Theories About Language Acquisition
In the following article, we'll take a close look at some of the most well-known theories about language acquisition, a process that begins when children are approximately 12 months old.
There are various different approaches or perspectives that have explained the process of language development. Today we’ll look at the most well-known theories about language acquisition, so keep reading.
Infant language begins during the prelinguistic stage. This stage lasts from the time a child is born until approximately the age of 12 months. Then comes the linguistic stage, during which children begin the complex process of language acquisition. They start to acquire and manage language on a functional level.
Theories about language acquisition
Skinner’s theory of operant conditioning or the Theory of Behaviorism
B. F. Skinner believed that the development of language depends exclusively on external stimuli. According to this American psychologist and author, language acquisition takes place by means of operant conditioning mechanisms.
In the beginning, children imitate the sounds they hear in the language adults use. Then, they begin to associate certain words with different situations, objects, or actions.
The acquisition of vocabulary and grammatical rules also takes place through operant conditioning. The way this happens is that the adults that interact with children reward them through praise and attention when they use language properly or use new words.
However, if children use improper constructions, pronounce the wrong way, or say bad words, adults punish them or disapprove of their incorrect language.
“The consequences of an act affect the probability of its occurring again.”
– B. F. Skinner –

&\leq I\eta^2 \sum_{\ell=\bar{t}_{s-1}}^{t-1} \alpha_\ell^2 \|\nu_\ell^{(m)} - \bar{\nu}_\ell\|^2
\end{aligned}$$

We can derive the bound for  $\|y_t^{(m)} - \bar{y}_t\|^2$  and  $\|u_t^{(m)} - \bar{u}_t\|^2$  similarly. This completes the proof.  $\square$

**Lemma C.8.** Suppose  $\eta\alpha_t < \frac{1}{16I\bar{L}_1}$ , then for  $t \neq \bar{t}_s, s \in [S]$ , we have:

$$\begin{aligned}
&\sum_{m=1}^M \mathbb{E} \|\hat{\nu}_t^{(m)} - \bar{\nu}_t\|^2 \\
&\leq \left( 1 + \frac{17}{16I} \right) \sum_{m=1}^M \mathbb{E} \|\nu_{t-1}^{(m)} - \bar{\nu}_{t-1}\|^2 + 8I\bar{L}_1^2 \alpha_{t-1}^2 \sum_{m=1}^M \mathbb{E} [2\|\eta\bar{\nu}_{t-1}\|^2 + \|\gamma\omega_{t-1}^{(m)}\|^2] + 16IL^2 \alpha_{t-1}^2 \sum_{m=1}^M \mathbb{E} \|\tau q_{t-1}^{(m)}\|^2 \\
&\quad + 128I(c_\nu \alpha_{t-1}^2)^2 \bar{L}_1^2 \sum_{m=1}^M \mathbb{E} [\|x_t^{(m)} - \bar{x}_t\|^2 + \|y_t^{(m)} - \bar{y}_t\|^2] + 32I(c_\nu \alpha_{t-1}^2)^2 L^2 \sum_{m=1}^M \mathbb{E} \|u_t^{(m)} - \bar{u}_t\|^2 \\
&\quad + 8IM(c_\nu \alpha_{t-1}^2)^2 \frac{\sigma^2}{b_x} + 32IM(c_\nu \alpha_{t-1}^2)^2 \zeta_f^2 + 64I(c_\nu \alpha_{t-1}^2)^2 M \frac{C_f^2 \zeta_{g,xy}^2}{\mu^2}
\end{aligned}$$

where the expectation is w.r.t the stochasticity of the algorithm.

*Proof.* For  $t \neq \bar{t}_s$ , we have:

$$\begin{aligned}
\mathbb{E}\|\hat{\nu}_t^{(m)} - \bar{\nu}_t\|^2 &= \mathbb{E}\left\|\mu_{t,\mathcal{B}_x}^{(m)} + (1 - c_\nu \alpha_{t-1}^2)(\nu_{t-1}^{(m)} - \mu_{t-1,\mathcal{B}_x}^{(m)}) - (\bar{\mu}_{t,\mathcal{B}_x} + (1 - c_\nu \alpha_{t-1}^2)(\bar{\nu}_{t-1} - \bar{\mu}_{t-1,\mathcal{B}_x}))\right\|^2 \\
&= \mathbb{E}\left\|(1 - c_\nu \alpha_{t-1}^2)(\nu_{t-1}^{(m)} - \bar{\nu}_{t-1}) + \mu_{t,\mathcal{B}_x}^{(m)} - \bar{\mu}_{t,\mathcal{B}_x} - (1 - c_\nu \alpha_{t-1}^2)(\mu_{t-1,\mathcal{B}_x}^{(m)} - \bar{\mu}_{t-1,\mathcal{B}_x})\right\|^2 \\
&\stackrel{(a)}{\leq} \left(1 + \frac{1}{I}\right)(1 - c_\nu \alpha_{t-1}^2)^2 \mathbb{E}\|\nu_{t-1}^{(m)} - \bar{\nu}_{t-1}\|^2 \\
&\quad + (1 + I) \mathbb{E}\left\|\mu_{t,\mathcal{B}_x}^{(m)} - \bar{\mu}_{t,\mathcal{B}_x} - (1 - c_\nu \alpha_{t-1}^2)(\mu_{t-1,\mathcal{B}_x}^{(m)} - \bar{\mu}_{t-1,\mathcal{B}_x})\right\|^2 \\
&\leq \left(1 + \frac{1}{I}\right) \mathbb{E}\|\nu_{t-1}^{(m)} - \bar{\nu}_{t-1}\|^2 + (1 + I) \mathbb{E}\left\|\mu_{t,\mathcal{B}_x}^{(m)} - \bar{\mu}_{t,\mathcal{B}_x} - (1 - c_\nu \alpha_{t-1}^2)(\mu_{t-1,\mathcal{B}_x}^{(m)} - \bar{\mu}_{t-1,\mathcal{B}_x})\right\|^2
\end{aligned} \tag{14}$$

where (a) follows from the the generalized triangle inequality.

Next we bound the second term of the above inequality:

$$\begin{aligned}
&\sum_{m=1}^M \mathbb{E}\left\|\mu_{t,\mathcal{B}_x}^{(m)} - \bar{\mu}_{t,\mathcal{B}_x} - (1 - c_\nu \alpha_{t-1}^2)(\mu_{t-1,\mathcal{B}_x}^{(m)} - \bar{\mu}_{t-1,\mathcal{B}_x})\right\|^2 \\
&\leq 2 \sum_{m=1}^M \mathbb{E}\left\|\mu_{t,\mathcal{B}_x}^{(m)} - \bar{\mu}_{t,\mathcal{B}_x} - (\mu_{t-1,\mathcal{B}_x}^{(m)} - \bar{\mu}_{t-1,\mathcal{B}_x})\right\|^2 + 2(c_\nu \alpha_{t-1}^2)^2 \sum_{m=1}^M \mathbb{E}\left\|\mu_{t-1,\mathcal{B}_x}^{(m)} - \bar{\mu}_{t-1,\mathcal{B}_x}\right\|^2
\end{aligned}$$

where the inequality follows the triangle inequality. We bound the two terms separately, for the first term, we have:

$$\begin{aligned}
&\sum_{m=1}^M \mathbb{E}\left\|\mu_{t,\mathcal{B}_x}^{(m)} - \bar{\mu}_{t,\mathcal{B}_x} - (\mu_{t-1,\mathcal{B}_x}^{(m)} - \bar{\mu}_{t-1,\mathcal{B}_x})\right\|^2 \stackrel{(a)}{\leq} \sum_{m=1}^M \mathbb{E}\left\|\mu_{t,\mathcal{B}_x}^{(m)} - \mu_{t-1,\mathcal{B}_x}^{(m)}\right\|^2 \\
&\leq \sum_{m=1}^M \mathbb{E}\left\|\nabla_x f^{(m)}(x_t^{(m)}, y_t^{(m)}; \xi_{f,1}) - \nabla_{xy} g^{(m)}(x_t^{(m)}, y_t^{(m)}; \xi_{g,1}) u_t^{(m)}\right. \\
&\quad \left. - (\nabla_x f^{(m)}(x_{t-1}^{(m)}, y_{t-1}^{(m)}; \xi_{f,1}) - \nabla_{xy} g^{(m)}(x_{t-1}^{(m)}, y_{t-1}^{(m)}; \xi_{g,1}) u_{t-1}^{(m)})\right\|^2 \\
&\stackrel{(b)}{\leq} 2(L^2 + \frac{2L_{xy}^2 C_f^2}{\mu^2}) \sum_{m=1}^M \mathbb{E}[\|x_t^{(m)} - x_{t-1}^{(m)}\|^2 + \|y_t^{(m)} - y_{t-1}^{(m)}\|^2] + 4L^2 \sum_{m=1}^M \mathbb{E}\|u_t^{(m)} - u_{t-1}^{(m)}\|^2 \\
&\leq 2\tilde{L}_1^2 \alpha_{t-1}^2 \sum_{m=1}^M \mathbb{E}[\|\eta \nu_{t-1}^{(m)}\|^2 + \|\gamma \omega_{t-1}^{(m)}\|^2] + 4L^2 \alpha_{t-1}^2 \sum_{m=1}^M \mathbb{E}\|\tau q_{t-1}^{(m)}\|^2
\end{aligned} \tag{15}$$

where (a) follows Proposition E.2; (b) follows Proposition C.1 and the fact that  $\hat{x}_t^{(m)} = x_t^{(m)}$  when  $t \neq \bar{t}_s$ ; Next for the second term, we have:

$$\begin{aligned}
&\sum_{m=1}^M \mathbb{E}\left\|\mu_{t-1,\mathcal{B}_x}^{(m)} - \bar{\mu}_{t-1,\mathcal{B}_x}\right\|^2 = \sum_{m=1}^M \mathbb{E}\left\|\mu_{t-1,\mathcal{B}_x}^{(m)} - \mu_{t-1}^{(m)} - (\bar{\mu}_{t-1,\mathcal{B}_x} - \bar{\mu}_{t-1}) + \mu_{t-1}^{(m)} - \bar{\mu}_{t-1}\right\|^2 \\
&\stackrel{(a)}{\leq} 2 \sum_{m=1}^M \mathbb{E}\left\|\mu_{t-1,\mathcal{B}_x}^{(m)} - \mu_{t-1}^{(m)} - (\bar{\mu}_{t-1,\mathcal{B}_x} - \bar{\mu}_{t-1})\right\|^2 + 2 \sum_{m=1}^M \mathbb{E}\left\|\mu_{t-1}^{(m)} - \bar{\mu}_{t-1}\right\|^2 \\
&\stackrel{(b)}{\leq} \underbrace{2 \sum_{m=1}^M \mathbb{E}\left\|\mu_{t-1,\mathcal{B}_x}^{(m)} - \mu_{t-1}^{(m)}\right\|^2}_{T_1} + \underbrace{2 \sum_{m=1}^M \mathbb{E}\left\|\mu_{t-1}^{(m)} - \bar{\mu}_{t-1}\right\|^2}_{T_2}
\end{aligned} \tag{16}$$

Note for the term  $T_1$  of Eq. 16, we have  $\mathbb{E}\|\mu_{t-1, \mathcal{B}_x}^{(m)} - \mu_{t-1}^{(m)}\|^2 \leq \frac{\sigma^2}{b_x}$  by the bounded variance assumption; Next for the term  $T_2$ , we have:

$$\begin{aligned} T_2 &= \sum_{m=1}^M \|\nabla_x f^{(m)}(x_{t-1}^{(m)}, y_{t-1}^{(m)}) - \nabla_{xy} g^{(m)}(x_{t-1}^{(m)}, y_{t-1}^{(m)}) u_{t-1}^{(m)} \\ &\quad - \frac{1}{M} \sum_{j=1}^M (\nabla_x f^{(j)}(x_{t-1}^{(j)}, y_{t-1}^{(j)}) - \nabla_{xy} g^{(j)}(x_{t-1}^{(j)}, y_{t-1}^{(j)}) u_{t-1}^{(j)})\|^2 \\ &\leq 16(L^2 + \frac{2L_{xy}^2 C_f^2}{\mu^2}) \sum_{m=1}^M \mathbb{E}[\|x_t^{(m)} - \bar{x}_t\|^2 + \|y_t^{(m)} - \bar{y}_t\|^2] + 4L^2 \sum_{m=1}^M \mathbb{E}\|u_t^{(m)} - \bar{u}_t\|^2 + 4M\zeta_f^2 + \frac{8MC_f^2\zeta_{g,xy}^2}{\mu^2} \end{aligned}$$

Language is something that’s very complex, and the Behaviorism Theory falls a bit short at explaining it. It doesn’t contemplate any stage of language acquisition. According to this theory, language is simply a summation.
Nor does it explain why all children follow a similar process of language development. The positive aspect of this approach is that subsequent studies will contemplate the context and a child’s way of speaking.
Chomsky’s psycholinguistic theory: The innateness hypothesis
According to Chomsky, language develops based on innate structures. According to this author, there’s a factor called the “language acquisition device.” This factor is something innate that exists in an individual’s biological and genetic factors, and determines the acquisition and development of language.
Departing from this device, children are capable of elaborating well-structured sentences and comprehending how they should use grammatical rules.
According to the innateness hypothesis, no relationship exists between language and thought, and both processes are independent. For that reason, current studies aren’t in agreement with this theory. However, today’s experts do agree that human beings have an innate tendency toward language acquisition.
The Bruner theory: The pragmatic approach